There has been a sea change in the way traditional real estate offices treat the Massachusetts Mandatory Licensee Consumer Relationship Disclosure. (Generally called "Agency Disclosure Form.") I ran across the change, twice, in the past week.
Here's the change: Larger, designated agency firms have been asking me and my agents to send a copy of the Agency Disclosure Form. I find this a curious practice. Why does the other company care if my agents are doing the right thing? My agents work under my license and I am responsible if they do not provide required disclosures. However, it is no breach of confidential information for us to comply with the listing agent's request, so we have been sending them when we are asked.
Recently, two of my agents did not send the form with the offer, and they were not asked for it during the transaction. It was only when the listing agents reviewed their final file, did the agents notice that the Agency Disclosure form was not there. As the broker -- and the person who was by the phone that day -- I got the calls: "Can you send me the Agency Disclosure Form, your agent didnít send it with the offer." So, I asked the agent why their company needs proof that my company is doing the right thing. She (she's an agent, not a broker) said it was because the auditors are requiring proof that all parties have the opportunity for representation.
The problem is that this way of checking for compliance with the disclosure law does not prove that the disclosure was presented at the first face-to-face meeting to discuss property. I would expect that far-too-many of these forms are dated the day of the offer. Did you see this form at your first meeting with an agent? Historically, compliance with this law has been miserable.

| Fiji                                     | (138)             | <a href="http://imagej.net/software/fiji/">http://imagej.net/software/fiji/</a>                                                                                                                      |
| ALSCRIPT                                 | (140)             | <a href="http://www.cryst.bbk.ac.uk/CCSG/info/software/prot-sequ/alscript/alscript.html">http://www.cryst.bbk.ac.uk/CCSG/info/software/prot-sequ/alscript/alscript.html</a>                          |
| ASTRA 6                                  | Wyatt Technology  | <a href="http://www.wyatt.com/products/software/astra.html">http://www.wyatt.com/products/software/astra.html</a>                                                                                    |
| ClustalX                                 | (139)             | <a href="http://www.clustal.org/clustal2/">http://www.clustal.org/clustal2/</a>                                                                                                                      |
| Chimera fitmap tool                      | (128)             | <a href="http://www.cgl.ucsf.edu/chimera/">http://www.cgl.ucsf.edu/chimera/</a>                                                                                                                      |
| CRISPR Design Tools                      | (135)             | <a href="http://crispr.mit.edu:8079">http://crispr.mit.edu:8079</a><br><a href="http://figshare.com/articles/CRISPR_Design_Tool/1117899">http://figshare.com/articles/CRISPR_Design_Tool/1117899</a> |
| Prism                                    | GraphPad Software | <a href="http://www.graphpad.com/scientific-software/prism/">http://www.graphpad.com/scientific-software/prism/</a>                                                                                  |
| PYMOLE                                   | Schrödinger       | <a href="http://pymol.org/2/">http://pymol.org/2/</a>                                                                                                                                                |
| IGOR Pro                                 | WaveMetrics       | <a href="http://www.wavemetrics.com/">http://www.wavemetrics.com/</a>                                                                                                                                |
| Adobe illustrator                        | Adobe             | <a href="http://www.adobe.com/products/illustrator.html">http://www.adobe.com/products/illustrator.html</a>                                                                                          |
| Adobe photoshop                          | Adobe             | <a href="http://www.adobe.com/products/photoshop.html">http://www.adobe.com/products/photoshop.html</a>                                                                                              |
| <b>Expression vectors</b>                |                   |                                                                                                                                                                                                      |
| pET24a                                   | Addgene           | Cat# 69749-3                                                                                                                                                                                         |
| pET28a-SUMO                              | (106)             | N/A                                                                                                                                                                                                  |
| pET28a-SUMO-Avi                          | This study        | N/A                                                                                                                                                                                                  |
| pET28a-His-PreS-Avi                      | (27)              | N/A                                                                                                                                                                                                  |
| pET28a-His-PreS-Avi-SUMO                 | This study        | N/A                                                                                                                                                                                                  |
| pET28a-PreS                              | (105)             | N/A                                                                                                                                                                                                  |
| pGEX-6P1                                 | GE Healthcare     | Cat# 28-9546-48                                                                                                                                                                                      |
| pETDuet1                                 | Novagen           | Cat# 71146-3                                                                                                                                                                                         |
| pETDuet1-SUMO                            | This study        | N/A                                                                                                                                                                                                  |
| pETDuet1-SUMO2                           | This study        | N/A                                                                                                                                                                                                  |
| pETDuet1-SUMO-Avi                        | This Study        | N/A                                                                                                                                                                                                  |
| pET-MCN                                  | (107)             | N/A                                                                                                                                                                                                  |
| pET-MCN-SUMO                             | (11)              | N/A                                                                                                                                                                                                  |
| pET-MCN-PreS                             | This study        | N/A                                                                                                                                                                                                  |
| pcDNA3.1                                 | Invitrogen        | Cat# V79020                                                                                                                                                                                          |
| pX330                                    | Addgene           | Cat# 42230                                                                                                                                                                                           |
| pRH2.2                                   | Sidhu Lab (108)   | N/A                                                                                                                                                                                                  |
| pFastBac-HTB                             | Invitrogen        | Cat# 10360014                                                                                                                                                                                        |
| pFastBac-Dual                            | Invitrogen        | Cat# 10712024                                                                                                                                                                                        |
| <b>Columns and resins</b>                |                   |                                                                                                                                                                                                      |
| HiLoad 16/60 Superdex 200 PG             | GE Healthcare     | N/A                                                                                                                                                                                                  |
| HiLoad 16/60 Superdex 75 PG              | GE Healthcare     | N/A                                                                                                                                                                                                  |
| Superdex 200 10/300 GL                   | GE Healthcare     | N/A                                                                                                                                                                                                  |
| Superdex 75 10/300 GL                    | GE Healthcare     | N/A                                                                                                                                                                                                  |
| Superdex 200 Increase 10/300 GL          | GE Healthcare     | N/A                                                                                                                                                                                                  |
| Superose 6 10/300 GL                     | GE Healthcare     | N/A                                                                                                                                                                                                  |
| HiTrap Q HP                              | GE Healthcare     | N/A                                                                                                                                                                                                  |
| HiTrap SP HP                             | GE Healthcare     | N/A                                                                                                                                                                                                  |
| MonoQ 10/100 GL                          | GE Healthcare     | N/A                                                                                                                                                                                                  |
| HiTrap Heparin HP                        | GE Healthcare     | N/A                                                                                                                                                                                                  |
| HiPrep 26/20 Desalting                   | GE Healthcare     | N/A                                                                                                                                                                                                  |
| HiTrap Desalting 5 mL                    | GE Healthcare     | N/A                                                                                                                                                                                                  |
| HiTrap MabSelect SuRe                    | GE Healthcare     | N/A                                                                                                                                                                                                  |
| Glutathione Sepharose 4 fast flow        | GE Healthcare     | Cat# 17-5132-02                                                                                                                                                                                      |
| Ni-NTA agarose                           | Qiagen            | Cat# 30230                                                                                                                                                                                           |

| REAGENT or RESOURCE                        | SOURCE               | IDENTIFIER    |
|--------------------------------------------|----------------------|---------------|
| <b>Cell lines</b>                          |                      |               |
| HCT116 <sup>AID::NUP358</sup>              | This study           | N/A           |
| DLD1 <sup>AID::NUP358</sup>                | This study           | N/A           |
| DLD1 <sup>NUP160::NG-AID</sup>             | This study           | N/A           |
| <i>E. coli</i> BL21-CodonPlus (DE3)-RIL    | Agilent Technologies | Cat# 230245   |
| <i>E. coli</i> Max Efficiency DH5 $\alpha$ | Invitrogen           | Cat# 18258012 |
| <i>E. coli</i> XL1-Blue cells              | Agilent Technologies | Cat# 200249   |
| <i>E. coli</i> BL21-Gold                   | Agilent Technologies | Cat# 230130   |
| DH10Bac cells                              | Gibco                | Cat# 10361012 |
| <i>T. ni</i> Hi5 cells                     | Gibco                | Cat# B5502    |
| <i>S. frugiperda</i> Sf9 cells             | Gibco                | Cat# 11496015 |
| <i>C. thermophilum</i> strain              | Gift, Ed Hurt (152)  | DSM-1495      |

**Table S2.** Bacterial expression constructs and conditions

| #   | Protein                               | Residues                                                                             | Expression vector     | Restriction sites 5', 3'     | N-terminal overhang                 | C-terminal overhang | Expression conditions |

I have a track record of discussing agency. But, when I looked back on my writing, I saw that I haven't posted about it lately. I wrote about the Agency Disclosure. I included designated and dual agency on my list of what's wrong with real estate in my recap of 2008. I explained what to look out for in dual agency. I also mentioned the poor rate of compliance to the regulations. I gave an example of where agents claimed they were buyer agents in a questionable situation, and why consumers need to beware. I explained the nuts and bolts of maintaining a fiduciary model. Sam Schneiderman also posted on what consumers need to understand about dual and designated agency. Not once, but twice.
As an exclusive buyer's agent, I do take agency seriously. If you have questions about how the law ought to work, you can ask below or email me.
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